Thursday, December 15, 2016

More on forests in revolutionary France

Vallée de La Loue - ©CRT de Franche-Comté
H-Environment just published a roundtable review of Kieko Matteson's Forests in Revolutionary France: Conservation, Community, and Conflict, 1669–1848 (Cambridge UP, 2015), previously covered here. Some legal highlights, starting with Caroline Ford's comments:
The book is based on a wealth of archival material and primary documents that Matteson found in both national and provincial archives in France. She sorts through and illuminates very technical modes of forest management, while setting the scene for conflicts between local communities and the French state in masterful ways. She seeks to explore reform efforts on the part of the state as well as the ideological agenda of lawmakers, landowners and commentators in order to explore both the successes and failures of natural resource allocation and environmental conservation in the context of sweeping revolutionary change and the expansion of state power. She examines a number of important questions in this regard including why conservation policies prompted resistance; and how customary rights were supplanted by those of private property. To this extent she resuscitates a debate, which has recently again become the focus of some attention among environmental historians in France on the “tragedy of the commons,” which was sparked by Garrett Hardin’s 1968 article in Science and Elinor Ostrom’s rebuttal (among others).
The great strength of Matteson’s close study of the Franche-Comté lies in grounding her work in a micro context, in a specific time and place. She shows the very real impact of policies enacted in the capital on a rural region of France, but one wonders how and whether imperial conquest that began during the period which she explores and French encounters with other forested landscapes shaped (or did not shape) policy in the metropole, a subject explored in Richard Grove’s path-breaking Green Imperialism. Matteson mentions, for example, that the French forest code was exported wholesale to Algeria at the time of conquest, where conditions were far different from those in metropolitan France. Many foresters served in both France and in her colonial possessions. This code was finally revised in 1903, and one wonders about the extent to which foresters considered and compared colonial and metropolitan forests and landscapes. 
Finally, calls for saving forests came from other quarters and were articulated less in terms of conservation than in terms of heritage preservation and patrimoine. These calls came not from engineers, scientists, or foresters but from a middle class urban public. It was the Barbizon school of painters who were behind Napoleon III’s 13 August 1861 decree that created the first protected natural landscape in the forest of Fontainebleau as a réserve artistique, and the painters fought pitched battles with foresters, who defended their own conservationist initiatives, such as planting pines. Both made claims about protecting the forest, but in very different ways.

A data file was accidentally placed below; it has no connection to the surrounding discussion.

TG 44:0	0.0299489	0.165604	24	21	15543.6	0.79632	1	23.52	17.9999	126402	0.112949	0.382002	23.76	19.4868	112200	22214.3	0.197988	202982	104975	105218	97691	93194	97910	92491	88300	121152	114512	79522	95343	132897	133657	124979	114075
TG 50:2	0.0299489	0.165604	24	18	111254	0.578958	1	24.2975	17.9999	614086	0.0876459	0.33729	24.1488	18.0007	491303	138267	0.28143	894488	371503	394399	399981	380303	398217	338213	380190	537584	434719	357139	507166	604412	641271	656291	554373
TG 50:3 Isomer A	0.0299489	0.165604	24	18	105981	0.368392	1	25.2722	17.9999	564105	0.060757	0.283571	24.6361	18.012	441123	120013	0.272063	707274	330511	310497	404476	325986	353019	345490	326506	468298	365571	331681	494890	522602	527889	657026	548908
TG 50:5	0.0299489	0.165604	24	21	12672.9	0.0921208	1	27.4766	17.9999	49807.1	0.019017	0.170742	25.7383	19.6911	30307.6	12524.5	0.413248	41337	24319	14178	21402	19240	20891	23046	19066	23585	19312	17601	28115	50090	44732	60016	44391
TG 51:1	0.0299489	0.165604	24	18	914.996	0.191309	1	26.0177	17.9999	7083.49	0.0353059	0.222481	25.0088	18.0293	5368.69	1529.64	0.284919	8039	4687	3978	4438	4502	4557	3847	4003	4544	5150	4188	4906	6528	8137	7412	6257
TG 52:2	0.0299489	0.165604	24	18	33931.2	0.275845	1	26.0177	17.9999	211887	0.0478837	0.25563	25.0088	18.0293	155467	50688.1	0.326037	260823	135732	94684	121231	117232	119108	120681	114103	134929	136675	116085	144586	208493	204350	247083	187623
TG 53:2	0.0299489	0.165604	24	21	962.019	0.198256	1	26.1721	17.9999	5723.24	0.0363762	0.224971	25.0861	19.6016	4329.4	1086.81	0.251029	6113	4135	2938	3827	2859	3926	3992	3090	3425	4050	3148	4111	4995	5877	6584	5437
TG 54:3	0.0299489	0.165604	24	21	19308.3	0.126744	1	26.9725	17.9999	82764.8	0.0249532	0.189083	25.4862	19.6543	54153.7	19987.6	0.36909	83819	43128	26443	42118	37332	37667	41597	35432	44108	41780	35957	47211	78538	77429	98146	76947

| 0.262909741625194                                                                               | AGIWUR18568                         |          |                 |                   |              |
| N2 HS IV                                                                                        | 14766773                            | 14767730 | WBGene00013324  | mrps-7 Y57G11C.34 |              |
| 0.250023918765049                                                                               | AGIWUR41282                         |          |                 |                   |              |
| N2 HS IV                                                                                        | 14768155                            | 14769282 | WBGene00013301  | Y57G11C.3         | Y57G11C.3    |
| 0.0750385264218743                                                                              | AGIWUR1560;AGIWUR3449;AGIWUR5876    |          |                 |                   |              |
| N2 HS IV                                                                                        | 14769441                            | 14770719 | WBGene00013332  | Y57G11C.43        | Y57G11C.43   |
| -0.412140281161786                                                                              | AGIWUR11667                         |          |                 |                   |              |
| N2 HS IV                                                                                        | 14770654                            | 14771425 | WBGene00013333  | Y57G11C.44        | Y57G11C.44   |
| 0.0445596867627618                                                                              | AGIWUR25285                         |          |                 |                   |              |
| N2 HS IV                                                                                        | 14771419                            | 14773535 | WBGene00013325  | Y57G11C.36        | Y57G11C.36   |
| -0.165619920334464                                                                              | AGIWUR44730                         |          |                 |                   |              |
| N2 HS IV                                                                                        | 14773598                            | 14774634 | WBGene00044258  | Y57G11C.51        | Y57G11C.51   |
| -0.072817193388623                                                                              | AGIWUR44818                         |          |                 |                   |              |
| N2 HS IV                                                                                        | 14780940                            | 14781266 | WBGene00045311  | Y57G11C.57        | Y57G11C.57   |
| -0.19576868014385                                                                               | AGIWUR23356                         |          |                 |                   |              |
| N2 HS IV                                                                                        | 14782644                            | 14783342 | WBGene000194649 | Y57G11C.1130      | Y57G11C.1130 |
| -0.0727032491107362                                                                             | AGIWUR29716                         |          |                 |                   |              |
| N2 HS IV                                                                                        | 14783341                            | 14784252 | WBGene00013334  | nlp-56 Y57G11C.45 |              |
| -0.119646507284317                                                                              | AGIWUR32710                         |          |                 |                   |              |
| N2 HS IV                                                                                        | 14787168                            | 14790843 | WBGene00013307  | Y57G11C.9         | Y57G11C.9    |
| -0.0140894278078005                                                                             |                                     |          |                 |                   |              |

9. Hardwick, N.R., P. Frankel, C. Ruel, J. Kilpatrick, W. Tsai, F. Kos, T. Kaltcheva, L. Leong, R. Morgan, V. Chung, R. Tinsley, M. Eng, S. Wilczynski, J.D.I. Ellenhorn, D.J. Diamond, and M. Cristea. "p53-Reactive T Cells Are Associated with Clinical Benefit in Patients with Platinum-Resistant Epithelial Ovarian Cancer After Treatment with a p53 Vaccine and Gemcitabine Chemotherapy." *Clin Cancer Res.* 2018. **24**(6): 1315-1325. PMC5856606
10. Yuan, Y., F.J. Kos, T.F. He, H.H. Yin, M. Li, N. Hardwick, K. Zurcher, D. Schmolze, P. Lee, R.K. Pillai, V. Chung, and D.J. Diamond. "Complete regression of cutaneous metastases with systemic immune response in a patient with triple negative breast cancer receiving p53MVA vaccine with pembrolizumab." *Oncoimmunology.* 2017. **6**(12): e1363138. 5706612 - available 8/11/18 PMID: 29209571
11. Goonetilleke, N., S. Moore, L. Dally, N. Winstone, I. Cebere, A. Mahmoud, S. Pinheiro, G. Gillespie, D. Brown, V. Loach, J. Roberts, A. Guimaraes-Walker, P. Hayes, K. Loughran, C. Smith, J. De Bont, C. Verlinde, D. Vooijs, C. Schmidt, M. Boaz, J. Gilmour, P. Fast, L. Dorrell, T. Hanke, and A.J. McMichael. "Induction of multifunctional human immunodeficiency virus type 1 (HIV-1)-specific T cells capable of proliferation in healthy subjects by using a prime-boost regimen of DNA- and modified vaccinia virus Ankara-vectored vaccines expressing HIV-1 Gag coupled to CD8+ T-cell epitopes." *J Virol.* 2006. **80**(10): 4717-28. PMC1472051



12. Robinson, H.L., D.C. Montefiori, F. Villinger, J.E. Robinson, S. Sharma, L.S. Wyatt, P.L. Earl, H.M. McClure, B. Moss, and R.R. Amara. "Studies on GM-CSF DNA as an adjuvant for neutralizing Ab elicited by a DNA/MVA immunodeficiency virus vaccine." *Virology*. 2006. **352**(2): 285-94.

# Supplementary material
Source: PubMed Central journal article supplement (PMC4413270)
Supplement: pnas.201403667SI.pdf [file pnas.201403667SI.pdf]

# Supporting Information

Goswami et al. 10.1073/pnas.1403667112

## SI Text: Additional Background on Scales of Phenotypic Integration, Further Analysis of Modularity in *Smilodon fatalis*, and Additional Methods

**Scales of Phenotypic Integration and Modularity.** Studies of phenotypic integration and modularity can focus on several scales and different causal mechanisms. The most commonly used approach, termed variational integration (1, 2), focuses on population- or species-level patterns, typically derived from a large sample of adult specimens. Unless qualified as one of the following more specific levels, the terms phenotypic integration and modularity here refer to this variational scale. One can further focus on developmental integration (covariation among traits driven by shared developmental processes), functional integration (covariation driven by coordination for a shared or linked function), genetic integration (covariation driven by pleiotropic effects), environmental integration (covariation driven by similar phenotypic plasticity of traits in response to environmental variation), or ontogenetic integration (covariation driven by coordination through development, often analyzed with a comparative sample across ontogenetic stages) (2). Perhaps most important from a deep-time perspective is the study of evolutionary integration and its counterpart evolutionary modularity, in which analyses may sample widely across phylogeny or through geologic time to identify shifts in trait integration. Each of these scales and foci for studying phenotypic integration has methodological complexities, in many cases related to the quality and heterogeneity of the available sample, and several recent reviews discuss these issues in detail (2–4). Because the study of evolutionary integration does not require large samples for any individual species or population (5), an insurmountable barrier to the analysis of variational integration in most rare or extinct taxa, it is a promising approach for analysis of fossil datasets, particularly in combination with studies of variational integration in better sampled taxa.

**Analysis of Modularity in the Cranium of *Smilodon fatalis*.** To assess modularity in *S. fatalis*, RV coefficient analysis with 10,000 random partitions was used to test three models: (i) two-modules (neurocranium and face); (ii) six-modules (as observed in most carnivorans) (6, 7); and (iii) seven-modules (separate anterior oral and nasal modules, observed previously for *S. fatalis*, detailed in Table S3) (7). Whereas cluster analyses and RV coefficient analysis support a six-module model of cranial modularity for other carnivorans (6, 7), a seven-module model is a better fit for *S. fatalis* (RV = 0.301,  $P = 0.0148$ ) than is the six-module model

Catherine Dunlop writes:
Together, Matteson’s innovative research methods lead to her bold new interpretation of French revolutionary politics. The untold story of revolutionary activism, she argues, was a struggle over natural resources, and specifically wood. Ordinary Comtois, she demonstrates, were willing to challenge their central government and face death because they desperately wanted to maintain control of woodlands that were essential for their livelihoods. The revolutionary political culture that emerged in Franche-Comté was one that pitted advocates for local land use against “conservationists”—political and military leaders based in Versailles and Paris who wanted to claim all of France’s woodlands for central state needs such as naval timber. “Conservation,” a term that many of today’s environmentalists view positively, became a dirty word for Comtois citizens who associated the policy (embodied in legislation such as the Forest Ordinance of 1669 and the Forest Code of 1827) as akin to a land grab by hated and untrustworthy outsiders.
When viewed from the peripheral territory of Franche-Comté, Matteson argues, the Revolutions of 1789, 1830, and 1848 were much more about a defense of local autonomy, and a defense of local environmental resources, than previously thought. Even though some beneficial political rights were secured as the result of revolutionary upheaval, Matteson points out that in many ways, every French revolution ended in tragic disappointment for Comtois because they failed to halt the advancement of a state-centered conservation regime that ultimately destroyed the fabric of the region’s ecosystem and economy. As it would happen across the globe, the French state’s top-down seizure of natural resources and technocratic style of wilderness management supplanted communitarian systems that were in fact much better for long-term environmental sustainability.

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